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Remarks Honoring the Praemium Imperiale Arts Award Recipients

June 16, 1994

Thank you very much. Thank you very much, ladies and gentlemen. Mr. Sejima, thank you for your fine words and for giving us the history of the Japan Art Association and its relationship to President Grant and his visit to Japan.

I had a sense of the great tradition of the Imperial Family when the Emperor and Empress were here a couple of nights ago with the First Lady and I, and the Emperor was taken upstairs to my office. And we were talking about American history, and I said, "This desk I use in my office was President Grant's Cabinet table." He said, "Yes, I know. My great-grandfather welcomed him to Japan." I had a desk; he had a family experience. [Laughter]

There are many very distinguished Americans here, including our great former Ambassador to Japan, Senator Mike Mansfield, and Maestro Rostropovich, who was just here to play for the Emperor and Empress. I thank you all for coming. I welcome the members of the diplomatic community and other distinguished citizens of the world. I would like to, in particular, recognize the representatives here of the panel of international advisers of the Japan Art Association, a group of truly distinguished citizens of the world: the mayor of Paris, Jacques Chirac, who hosted us recently, welcome, sir; the former Prime Minister of Italy, Amintore Fanfani; the former Prime Minister of Japan, Yasuhiro Nakasone; and the former Prime Minister of Great Britain, Sir Edward Heath, welcome to you all; and Mr. David Rockefeller, our representative. David, thank you for coming.

We have all been enriched by the work of the Japan Art Association, but especially by creating this award for artists who would not otherwise be recognized internationally for their outstanding work. Katherine Anne Porter once wrote that "Art outlives governments, creeds, societies, even civilizations. Art," she wrote, "is what we find again when the ruins are cleared away."

Indeed, in this very room we have an example of art that survived even the burning of the White House, this wonderful Gilbert Stuart portrait of George Washington, which was rescued by the then-First Lady Dolley Madison when the White House was burned during the War of 1812. So it endured, and it's just like it was then, but all the walls here are new, just as all the people here are. If we cultivate art, nurture it, and preserve it, then not only art endures but a part of all of us endures as well.

The Praemium Imperiale Prizes were established to mark the second century of work of the Japan Art Association, recognizing international excellence in painting, sculpture, architecture, music, theater, and film. All the winners are artists of unique accomplishment. The recommendations for the prize recipients are made for the Japan Art Association by the distinguished committee of international advisers, whom I have just recognized. I thank those who are here and those who are not able to come, including the former West German Chancellor, Helmut Schmidt.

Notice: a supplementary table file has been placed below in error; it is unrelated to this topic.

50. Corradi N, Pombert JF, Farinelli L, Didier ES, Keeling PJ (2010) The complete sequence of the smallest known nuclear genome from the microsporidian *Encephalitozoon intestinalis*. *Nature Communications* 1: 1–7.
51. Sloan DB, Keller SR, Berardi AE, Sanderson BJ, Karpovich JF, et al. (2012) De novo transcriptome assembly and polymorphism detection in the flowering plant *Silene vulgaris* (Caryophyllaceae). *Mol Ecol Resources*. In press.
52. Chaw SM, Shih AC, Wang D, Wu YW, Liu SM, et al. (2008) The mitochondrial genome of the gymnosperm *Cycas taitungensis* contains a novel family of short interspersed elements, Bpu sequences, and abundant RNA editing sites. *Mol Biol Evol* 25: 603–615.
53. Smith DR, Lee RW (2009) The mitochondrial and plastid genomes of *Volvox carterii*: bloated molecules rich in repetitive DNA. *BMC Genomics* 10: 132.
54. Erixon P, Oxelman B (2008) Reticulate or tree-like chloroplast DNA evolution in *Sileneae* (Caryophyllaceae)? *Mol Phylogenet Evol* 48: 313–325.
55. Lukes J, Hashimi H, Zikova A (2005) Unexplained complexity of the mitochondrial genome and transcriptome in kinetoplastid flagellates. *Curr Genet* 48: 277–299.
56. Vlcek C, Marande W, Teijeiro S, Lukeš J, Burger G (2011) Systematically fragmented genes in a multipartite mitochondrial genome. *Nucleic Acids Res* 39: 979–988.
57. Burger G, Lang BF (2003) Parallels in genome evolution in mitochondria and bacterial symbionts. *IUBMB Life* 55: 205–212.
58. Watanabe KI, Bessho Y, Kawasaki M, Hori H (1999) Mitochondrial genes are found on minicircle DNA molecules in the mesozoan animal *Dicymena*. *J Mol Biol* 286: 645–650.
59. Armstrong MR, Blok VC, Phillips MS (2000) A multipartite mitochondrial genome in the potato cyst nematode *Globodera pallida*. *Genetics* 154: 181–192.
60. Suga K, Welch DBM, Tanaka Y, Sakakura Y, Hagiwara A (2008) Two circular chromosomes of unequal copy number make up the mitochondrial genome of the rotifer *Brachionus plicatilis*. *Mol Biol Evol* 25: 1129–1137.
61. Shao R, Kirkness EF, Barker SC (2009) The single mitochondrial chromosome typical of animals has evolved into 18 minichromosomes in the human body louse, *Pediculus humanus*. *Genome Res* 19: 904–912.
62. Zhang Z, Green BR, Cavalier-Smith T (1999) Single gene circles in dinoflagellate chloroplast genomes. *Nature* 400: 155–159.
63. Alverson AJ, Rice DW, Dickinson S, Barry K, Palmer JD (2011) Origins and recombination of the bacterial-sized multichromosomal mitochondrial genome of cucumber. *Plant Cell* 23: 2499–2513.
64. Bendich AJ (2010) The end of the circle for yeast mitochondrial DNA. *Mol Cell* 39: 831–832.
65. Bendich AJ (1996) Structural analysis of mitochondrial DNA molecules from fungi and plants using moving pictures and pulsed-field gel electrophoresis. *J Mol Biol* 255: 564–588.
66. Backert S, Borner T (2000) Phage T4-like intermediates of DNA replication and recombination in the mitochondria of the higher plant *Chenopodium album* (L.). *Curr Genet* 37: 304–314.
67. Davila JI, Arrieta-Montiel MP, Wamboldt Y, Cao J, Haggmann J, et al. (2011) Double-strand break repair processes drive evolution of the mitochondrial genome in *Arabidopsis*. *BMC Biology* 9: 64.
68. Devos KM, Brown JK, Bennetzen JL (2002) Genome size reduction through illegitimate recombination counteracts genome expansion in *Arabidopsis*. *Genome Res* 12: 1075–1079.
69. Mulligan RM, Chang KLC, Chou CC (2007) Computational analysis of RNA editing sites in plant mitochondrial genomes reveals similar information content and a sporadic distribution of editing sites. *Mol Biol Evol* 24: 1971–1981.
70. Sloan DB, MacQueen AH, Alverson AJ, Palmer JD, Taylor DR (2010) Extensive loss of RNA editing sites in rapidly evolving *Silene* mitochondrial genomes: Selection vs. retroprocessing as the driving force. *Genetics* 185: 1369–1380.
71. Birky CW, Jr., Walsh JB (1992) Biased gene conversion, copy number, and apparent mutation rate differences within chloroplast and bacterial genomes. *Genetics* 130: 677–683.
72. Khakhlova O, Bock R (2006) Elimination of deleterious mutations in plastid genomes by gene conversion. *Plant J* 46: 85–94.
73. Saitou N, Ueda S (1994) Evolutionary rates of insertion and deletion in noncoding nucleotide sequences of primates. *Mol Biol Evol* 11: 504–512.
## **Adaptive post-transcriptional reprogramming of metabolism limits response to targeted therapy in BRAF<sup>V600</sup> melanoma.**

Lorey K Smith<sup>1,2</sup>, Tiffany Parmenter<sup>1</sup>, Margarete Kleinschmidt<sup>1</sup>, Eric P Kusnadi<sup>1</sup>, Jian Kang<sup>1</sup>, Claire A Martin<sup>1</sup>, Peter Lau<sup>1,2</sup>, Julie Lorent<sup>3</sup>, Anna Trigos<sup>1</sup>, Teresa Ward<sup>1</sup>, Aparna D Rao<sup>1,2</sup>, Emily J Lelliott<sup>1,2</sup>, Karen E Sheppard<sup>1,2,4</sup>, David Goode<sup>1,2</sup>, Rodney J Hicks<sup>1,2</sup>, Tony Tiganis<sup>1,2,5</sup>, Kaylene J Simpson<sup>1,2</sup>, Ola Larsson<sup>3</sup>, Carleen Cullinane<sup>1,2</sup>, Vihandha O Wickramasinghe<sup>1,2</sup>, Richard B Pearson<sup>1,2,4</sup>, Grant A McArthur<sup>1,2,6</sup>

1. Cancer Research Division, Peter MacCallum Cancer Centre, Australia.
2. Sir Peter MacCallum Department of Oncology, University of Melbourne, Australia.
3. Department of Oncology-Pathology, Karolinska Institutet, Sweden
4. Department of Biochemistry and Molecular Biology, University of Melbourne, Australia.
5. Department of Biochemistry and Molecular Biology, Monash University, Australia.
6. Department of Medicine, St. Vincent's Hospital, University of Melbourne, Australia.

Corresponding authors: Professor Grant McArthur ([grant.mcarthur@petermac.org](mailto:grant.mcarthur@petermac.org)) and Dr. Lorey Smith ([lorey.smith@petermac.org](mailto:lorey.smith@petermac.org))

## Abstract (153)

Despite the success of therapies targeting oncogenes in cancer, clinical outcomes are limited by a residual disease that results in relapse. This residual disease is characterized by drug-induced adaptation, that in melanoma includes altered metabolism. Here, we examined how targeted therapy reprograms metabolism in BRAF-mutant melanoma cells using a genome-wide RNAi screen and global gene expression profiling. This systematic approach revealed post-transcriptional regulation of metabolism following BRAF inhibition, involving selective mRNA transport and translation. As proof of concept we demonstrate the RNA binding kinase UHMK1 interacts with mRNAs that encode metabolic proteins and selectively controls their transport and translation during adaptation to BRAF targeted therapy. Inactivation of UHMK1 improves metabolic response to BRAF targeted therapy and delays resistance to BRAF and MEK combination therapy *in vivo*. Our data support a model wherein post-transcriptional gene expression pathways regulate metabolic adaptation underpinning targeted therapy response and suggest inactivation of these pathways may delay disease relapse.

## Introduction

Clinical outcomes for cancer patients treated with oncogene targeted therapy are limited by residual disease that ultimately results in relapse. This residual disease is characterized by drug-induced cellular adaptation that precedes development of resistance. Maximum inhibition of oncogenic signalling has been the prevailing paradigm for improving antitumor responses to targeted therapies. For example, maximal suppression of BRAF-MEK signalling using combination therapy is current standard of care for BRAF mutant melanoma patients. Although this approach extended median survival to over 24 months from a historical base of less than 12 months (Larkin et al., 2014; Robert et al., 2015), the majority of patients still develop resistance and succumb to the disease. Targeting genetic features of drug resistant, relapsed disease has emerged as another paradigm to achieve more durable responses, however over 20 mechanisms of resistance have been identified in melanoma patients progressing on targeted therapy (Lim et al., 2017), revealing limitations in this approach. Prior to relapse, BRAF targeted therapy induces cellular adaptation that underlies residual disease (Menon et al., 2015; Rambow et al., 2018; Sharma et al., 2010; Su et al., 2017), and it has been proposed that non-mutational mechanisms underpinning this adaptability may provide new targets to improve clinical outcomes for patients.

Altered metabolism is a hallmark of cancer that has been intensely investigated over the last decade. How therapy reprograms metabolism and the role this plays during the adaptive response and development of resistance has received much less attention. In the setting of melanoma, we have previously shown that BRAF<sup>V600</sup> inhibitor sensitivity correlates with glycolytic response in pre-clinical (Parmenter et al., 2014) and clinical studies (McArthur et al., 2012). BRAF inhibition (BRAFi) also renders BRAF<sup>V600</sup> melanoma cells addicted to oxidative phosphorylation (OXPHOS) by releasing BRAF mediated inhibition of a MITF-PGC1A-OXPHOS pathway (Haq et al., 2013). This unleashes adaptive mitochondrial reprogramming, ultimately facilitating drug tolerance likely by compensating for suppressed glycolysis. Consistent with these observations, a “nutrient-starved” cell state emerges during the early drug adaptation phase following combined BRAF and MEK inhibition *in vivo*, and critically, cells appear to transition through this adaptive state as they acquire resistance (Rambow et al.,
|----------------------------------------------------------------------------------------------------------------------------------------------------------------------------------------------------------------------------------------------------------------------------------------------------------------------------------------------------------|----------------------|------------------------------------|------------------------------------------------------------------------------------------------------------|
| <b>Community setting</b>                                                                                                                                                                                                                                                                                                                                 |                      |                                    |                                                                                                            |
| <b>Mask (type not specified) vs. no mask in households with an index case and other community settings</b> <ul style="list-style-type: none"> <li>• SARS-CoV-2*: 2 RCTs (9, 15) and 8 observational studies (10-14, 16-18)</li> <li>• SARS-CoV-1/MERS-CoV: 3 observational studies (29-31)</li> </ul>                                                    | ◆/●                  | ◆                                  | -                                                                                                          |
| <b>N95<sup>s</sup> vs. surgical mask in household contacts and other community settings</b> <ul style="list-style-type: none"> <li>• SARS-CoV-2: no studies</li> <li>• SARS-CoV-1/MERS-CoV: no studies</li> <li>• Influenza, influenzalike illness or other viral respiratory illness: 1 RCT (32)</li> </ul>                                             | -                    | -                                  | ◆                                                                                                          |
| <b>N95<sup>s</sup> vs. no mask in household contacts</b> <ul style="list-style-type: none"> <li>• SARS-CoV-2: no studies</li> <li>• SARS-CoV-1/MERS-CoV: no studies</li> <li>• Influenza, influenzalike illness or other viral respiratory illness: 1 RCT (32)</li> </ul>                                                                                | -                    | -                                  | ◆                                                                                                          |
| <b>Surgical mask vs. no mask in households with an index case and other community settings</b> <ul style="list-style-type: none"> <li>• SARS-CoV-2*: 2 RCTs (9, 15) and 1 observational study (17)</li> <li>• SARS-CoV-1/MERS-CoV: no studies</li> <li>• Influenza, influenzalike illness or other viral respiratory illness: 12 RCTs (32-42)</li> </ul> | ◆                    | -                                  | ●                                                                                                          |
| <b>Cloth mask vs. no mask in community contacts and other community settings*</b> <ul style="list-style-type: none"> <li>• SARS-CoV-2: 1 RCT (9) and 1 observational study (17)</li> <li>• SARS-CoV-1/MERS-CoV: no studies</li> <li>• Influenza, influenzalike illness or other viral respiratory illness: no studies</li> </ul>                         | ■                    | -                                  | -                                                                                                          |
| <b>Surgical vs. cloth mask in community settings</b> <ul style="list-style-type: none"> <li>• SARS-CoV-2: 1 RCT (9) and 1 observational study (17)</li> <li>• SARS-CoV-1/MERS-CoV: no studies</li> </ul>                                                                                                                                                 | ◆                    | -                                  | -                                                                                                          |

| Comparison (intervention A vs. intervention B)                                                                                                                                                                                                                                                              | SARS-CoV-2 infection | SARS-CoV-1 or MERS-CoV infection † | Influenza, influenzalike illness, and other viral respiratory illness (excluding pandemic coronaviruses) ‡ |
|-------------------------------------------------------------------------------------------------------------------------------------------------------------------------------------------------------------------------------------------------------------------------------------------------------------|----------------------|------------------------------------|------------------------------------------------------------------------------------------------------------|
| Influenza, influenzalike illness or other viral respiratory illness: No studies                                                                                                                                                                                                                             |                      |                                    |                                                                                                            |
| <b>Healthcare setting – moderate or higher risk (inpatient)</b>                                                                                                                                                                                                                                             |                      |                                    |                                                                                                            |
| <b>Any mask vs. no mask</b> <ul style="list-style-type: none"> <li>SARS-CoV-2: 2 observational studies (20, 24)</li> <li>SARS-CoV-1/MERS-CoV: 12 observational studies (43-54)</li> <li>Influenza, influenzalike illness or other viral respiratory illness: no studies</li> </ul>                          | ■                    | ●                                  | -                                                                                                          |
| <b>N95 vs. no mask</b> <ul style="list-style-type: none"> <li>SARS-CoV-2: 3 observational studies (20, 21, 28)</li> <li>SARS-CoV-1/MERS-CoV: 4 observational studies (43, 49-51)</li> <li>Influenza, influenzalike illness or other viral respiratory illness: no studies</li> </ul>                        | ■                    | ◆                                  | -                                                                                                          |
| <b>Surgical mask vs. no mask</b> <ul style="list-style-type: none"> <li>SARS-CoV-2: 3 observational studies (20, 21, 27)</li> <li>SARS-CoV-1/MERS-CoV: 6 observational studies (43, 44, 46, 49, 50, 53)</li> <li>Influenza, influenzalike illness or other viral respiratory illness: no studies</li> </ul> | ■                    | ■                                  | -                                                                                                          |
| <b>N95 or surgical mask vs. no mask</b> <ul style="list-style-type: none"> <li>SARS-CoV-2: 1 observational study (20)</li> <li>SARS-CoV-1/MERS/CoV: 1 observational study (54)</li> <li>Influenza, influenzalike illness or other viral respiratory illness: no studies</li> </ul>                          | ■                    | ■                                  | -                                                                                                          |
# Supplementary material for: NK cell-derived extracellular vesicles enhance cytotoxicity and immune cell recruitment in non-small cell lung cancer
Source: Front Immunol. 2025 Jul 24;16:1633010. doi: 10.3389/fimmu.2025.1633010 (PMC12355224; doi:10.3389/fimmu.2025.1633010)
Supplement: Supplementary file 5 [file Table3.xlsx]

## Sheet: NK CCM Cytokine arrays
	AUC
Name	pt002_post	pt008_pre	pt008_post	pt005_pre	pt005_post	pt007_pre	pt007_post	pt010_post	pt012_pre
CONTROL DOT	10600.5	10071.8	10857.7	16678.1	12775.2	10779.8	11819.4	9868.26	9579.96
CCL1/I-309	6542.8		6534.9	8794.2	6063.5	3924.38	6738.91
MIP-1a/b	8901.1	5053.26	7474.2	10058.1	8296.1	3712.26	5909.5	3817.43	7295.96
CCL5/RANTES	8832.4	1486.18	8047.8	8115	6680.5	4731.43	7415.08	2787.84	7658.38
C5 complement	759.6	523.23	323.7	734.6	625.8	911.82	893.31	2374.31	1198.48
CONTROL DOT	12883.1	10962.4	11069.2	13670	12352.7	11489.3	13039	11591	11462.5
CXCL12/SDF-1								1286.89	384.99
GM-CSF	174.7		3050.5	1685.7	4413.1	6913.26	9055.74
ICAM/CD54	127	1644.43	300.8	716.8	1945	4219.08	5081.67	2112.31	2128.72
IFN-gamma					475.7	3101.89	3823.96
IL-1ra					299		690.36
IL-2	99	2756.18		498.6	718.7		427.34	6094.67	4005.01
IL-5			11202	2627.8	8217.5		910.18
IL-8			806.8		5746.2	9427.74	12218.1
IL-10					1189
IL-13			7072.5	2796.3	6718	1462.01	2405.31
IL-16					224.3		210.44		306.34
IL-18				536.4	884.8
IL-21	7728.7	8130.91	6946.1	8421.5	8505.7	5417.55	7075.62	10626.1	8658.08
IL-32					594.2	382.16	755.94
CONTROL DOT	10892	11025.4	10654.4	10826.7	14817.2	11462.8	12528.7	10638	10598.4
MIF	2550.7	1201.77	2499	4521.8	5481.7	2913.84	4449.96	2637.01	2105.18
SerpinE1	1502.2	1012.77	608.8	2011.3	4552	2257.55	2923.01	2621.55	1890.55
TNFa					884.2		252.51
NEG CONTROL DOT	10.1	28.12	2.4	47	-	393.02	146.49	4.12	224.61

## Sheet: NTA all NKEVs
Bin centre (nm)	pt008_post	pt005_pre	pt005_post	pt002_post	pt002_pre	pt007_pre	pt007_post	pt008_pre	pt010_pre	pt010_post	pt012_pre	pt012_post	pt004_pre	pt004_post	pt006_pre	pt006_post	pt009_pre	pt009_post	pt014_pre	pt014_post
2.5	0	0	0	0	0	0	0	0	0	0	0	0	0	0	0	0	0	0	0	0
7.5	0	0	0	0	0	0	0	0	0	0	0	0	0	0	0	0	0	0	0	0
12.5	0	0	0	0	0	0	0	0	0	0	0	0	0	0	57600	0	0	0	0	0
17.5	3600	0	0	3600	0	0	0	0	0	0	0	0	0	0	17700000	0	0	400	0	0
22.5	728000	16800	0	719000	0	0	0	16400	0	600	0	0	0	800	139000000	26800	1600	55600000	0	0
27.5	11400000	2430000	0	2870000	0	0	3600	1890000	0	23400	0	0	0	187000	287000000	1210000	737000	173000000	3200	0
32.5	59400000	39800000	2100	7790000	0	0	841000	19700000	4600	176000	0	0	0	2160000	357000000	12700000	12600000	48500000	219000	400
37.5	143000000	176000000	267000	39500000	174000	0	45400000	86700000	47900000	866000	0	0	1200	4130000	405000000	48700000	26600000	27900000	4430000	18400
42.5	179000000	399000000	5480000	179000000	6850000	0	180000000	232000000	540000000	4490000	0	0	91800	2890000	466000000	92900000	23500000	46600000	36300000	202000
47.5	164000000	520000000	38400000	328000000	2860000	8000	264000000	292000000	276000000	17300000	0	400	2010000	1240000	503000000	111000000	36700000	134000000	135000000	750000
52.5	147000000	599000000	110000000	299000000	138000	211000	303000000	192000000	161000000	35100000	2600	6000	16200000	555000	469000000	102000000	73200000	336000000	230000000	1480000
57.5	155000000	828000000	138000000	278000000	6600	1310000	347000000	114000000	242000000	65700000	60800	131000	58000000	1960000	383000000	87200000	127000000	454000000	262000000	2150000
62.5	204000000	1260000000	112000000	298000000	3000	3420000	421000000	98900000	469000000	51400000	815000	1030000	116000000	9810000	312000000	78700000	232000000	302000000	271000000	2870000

Yesterday the names of the five award winners were announced. In October they will be honored in ceremonies in Tokyo, but we wanted to salute them here. And four of the five honorees are with us today.

For painting, this year's winner is the French artist Zao Wou-ki. Where is he? Please stand up. Born in China, educated there and in France, his style brings together East and West in a synthesis of drawing, calligraphy, and traditional Chinese painting that is nothing less than lyrical.

For sculpture, the winner is an American, Richard Serra. A Californian who literally broke the mold and shattered ideas about what sculpture is, his work radiates emotional power on a grand scale and has been an inspiration to an entire new generation of artists.

The winner for architecture is Charles Correa of India who has done work of truly historic significance, showing sensitivity in planning communities in poor countries for genuinely civilized living. His pioneering work has sought to improve the quality of housing for the urban poor, as well as providing a more humane way to live.

For music, the winner is the French composer Henri Dutilleux. His distinctive compositions put into beautiful music the notion of diversity within unity, producing from novel arrays of instruments what the composer himself has so aptly called "the joy of sound."

Finally, in the category of theater and film, the winner goes to someone who could not be with us today, the wonderful British actor and director Sir John Gielgud. His career so far has spanned a mere eight decades, reaching new heights in roles as different as Hamlet on the stage and the butler in service to a tipsy millionaire in the movie "Arthur." He sends his regrets that he could not be with us today, and he has our best wishes.

We give our congratulations to all these winners for many more decades of creative energy. We thank them for stirring our imaginations and our souls. The world is better for their efforts. For all of that, we say thank you.

NOTE: The President spoke at 4 p.m. in the East Room at the White House. In his remarks, he referred to Ryuzo Sejima, chairman, Japan Art Association; Mstislav Rostropovich, music director, National Symphony Orchestra; and author Katherine Anne Porter.

William J. Clinton, Remarks Honoring the Praemium Imperiale Arts Award Recipients Online by Gerhard Peters and John T. Woolley, The American Presidency Project

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